Here’s a business that might do really well in the future. Israeli inventors Yoram Alkon and Dr. Eli Kent have come up with a giant “ocean brick” concept that would have many uses in the strange new world that we are inadvertently creating – a world of rising sea levels, sinking aquifers, flooding wetlands and melting permafrost.
Their invention is simple. A scalable, modular building block with a largely hollow base that can be used to meet many needs for support upon which to build a kind of artificial land, wherever needed, on both land and sea.
As municipalities have to invest in protection from rising sea levels in a future climate-changed world, units can be put in place over time as bases upon which to erect new quay walls, breakwaters and sea walls. As seas rise higher, more can be always be added later on top, because it is modular.
Since the top surface is walkable, it can form bases upon which to construct artificial islands.
For lowlands susceptible to flooding, such as New Orleans and the Netherlands, the mostly hollow structure can be used to stabilize soils. In a world in which we deplete our aquifers, and sinkholes develop, as in the Dead Sea, and parts of the Ogalla aquifer throughout the US, it can be used to provide a firm footing on soft soils. On land becoming destabilized as permafrost melts, as in Alaska and Siberia, it can serve the same need for stability.
It is strong enough to be drivable, so it also can be used to create a giant base to harness energy from further and further out to sea. For the energy industries, it can be easily towed out to sea and sunk, and piled up to build an oil platforms for off-shore oil and gas drilling (and Israel just uncovered the mother of all gas fields off its shoreline) and it could also be used in the same way to build the base to support off-shore wind platforms, or used underwater for housing tidal generators embedded in the round holes. Each hole is 6 meters – or about 18 feet across.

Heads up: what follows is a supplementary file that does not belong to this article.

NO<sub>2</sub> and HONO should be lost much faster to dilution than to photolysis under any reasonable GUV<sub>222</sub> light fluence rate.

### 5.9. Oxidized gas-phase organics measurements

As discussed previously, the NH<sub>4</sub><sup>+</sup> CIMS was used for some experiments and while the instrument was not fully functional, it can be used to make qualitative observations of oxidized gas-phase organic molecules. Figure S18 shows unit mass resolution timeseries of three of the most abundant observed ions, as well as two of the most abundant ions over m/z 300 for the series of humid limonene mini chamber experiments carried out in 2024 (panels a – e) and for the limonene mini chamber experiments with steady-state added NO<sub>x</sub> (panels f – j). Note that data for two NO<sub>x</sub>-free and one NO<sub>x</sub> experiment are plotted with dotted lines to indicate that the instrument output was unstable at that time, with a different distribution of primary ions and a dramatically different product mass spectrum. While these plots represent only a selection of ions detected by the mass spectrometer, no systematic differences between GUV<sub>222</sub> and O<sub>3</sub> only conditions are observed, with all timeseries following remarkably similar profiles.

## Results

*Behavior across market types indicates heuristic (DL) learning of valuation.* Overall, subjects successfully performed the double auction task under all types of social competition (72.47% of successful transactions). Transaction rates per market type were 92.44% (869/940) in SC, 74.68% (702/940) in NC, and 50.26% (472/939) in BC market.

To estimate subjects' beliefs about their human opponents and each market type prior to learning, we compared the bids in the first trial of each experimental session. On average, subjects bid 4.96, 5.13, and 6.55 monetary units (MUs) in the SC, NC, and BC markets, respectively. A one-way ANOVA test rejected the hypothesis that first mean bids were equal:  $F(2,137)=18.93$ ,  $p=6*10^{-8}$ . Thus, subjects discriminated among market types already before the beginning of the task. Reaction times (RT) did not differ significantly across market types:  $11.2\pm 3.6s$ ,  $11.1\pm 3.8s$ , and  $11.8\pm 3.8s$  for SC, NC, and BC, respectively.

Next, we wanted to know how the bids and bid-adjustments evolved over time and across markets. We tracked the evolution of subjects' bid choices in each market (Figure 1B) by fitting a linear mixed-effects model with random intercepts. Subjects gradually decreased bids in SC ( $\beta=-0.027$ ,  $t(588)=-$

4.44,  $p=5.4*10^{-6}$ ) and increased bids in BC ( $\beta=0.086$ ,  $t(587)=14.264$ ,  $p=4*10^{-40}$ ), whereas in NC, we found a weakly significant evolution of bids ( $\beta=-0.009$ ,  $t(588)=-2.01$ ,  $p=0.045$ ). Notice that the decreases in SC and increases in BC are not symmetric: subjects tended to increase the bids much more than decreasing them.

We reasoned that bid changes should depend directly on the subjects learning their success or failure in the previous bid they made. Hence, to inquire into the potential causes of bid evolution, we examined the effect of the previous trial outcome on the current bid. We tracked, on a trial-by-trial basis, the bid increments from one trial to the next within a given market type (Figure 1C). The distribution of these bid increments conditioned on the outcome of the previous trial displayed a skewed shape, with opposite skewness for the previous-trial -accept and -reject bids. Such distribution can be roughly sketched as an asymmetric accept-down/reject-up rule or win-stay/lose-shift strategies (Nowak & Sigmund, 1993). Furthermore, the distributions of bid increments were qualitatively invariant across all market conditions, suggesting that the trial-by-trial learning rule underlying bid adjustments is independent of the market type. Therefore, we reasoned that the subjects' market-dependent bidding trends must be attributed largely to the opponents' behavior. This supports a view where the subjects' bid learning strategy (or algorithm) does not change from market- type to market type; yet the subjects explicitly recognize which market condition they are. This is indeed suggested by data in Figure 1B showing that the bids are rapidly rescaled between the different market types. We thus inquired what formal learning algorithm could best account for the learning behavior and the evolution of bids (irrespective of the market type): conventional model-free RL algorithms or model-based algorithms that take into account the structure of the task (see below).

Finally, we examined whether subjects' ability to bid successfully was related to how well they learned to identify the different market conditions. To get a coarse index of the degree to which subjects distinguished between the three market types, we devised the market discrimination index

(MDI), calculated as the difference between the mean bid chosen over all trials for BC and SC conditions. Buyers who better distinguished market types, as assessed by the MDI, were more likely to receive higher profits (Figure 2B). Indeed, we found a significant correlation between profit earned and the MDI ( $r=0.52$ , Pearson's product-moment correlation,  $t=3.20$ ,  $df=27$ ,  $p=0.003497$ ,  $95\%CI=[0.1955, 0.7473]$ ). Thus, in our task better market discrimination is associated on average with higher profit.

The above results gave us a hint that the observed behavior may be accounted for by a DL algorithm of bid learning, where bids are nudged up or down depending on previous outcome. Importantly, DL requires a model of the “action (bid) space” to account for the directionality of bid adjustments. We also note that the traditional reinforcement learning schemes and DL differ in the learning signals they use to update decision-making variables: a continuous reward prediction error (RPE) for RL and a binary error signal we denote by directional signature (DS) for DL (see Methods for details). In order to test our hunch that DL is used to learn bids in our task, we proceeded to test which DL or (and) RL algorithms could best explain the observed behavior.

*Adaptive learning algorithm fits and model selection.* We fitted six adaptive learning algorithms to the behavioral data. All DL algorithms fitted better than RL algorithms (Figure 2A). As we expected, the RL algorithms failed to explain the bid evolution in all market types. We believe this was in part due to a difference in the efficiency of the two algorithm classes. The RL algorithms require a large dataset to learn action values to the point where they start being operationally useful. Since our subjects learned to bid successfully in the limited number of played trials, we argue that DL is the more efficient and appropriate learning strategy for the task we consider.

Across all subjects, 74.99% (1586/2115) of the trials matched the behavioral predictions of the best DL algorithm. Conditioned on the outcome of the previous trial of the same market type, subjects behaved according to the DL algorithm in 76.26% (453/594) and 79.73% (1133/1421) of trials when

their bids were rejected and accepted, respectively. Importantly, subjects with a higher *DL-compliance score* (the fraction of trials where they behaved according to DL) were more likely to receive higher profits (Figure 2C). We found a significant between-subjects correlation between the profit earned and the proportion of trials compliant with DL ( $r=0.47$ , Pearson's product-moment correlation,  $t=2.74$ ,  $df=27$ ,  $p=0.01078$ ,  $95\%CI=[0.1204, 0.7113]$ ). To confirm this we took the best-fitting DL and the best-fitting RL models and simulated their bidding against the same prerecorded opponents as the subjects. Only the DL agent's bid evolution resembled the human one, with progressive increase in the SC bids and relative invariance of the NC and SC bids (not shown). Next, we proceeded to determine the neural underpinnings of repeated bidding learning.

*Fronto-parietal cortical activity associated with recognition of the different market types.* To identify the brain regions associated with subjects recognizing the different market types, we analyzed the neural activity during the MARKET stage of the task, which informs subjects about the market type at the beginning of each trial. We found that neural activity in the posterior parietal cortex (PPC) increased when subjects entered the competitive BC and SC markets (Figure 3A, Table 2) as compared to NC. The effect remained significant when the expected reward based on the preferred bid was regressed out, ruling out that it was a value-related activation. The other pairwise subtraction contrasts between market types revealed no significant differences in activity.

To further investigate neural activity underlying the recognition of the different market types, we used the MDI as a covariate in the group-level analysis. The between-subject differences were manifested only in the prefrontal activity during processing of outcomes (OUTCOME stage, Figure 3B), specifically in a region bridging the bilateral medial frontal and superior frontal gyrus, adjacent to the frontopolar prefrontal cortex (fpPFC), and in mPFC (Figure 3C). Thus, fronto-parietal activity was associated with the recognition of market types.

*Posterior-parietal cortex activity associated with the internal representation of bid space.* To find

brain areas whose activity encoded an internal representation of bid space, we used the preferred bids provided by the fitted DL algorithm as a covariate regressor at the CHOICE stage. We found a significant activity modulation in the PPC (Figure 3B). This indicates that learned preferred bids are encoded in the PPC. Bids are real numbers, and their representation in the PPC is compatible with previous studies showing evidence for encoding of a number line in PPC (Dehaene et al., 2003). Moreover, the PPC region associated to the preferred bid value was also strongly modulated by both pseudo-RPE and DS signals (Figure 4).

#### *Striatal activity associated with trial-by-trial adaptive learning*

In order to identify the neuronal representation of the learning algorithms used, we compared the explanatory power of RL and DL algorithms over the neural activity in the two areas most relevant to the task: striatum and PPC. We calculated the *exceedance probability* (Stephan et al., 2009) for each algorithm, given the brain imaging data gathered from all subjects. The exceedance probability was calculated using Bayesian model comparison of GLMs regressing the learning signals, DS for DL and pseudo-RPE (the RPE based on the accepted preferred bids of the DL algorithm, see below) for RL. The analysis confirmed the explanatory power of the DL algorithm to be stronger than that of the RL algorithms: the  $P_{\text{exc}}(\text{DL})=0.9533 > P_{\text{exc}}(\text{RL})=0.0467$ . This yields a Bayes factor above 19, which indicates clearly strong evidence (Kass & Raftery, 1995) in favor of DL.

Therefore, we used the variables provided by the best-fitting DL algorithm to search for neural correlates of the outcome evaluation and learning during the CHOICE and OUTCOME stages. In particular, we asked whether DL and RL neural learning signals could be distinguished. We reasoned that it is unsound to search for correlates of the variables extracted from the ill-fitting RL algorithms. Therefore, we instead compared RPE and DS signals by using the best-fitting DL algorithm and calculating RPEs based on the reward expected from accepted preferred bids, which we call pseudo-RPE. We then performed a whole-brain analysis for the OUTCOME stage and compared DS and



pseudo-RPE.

The base is formed of hollow concrete precast modules, with a built-in solid section of a truss in the form of a tetra-hedron: a polyhedron composed of four triangular faces. This makes it very strong, with the minimum of material used, so it is lighter weight. The modules can be piled up like cubes, and then can be interconnected to create a buoyant, stiff, light and strong superstructure.
The tetra-hedron design cuts out 92% of the filling material normally needed, and in marine environments it can serve the sea fauna as habitat/sanctuary, manmade reef and fish enhancer, making it an environmentally friendly concept, both in material use, and in fish-friendliness. Because it is largely hollow spaces, it is very friendly to marine life; barnacles and shellfish actually love these kinds of “hole-y” structures to build homes on. It is one reason that a Swedish study found that off-shore wind power actually increased marine life around its bases.
These modular mega-structures are very versatile, with a myriad of uses in a world of increasing carbon constraints and changing climates.